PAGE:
Who will administer your Estate? If you do not choose, the law will choose for you!

As well as setting out how you wish to leave your assets, writing a Will also plays a pivotal role in who will be involved in the administration of your Estate, that is who will be responsible for the practical element of selling or transferring your property, closing your bank accounts and distributing your estate to the beneficiaries.

If you make a Will, you will choose the people that will act and they will be called your Executors. Your solicitor can advise you of the best person or people to choose depending on your circumstances. Acting as Executor is a big job so you will want to appoint the most capable and proactive people and this could be a combination of close relatives, friends and professional advisors.

If you do not make a Will, or fail to properly appoint an Executor in your Will, The Non-Contentious Probate Rules 1987 Section 22 will dictate the order of priority of persons that can act. They will be called your Personal Representatives and will be appointed in the following order:-

(a)      the surviving spouse;

(b)      the children of the deceased and the issue of any deceased child who died before the deceased;

(c)      the father and mother of the deceased;

(d)      brothers and sisters of the whole blood and the issue of any deceased brother or sister of the whole blood who died before the deceased;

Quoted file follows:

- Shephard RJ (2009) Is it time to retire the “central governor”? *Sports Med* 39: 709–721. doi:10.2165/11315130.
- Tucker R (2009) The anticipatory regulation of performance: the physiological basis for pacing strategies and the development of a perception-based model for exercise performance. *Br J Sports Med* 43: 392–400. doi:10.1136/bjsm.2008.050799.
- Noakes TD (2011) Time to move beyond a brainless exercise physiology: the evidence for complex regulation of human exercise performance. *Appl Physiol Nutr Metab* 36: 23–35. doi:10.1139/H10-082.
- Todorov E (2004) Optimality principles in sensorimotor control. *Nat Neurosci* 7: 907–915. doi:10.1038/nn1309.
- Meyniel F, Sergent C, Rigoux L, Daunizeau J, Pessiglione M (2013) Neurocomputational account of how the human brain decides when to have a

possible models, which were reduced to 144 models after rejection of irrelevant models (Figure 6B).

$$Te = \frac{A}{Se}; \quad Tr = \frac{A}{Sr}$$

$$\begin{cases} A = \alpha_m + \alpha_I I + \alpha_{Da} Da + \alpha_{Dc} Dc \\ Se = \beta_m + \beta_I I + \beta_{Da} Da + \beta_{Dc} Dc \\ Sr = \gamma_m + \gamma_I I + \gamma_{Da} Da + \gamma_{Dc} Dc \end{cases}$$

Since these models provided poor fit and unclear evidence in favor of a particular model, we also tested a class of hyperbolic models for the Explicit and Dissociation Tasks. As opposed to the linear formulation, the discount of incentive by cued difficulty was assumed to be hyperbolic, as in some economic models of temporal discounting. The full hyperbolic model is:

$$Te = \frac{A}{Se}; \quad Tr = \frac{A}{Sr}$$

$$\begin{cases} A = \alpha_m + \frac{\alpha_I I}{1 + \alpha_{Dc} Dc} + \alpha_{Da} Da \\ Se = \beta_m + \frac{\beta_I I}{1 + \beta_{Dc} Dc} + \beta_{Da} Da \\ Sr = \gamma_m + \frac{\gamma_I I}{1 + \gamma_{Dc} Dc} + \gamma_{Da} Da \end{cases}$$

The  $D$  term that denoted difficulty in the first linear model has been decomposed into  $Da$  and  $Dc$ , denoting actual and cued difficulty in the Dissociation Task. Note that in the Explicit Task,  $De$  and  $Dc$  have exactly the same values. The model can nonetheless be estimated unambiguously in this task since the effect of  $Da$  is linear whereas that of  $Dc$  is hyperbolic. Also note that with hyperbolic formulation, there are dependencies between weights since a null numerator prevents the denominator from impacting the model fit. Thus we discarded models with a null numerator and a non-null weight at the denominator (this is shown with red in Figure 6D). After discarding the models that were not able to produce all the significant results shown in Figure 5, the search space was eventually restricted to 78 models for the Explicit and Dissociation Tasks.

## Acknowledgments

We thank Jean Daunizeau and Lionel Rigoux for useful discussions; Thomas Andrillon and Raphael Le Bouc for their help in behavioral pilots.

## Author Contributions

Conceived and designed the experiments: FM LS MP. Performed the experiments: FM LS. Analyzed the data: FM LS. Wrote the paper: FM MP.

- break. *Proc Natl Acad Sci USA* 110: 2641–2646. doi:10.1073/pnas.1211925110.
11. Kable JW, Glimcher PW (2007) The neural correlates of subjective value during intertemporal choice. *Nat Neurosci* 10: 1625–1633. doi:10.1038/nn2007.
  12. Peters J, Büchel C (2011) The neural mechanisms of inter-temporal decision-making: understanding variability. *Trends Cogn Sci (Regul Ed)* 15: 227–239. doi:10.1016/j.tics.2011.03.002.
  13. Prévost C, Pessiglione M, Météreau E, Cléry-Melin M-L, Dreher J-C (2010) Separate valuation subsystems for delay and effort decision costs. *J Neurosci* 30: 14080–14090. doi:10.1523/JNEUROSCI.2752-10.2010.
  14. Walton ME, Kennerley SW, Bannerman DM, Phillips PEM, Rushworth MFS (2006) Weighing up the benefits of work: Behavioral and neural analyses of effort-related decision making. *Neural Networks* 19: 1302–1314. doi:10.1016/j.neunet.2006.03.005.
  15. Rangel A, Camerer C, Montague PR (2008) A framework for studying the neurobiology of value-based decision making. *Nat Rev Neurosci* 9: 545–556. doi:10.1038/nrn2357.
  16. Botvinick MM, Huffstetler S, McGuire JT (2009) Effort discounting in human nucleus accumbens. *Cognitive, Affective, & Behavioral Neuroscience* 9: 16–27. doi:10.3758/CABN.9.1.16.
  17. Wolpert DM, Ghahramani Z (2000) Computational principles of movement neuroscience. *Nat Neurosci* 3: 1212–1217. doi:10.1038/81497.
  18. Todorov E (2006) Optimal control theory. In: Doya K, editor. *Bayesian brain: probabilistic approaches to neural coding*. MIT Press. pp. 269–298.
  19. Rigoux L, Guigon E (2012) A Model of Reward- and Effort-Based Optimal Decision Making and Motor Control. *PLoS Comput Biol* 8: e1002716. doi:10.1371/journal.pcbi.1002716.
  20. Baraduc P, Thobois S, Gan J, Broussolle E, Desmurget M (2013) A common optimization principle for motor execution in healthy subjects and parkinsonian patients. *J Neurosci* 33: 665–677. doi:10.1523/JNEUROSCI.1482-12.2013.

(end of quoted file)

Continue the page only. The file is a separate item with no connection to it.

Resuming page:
(e)      brothers and sisters of the half blood and the issue of any deceased brother or sister of the half blood who died before the deceased;

(f)       grandparents;

(g)      uncles and aunts of the whole blood and the issue of any deceased uncle or aunt of the whole blood who died before the deceased;

(h)      uncles and aunts of the half blood and the issue of any deceased uncle or aunt of the half blood who died before the deceased.

In many simple situations, the above order will be acceptable as the order follows the general order of closeness of family relationships.

However, issues will arise when a person is appointed who is not willing or capable of administering the Estate or when this job falls to more remote family.

Disagreements can often occur as to who from the class will take the lead and occasionally people who would have ordinarily not been chosen will have the right to act e.g. a child or sibling who are maybe not happy with their share under the Will, or somebody the deceased would not have wished to burden.

It is important to really think about who will be best placed person to act as your Executor and to take advice as to who to potentially appoint as a substitute.

Appointing the most appropriate Executor will ensure that the administration progresses smoothly and is conducted on an impartial basis so that the best result is achieved for your beneficiaries.

In most cases people will choose to deviate totally from the order under the NCPR 1987 and appoint both their spouse and children to act together. Many also consider appointing friends or professional advisors who do not appear in the list but who may be more suited to dealing with the practical elements of administering the estate. It is also worth bearing in mind that should any minor interest arise under your Estate, at least two executors must be appointed.

If you have been appointed as an Executor and would like some assistance, would like to make a Will, or require advice on who to choose as your Executor, please contact Hollie Skipper at hskipper@meaby.co.uk, or feel free to call on 020 3861 5158.

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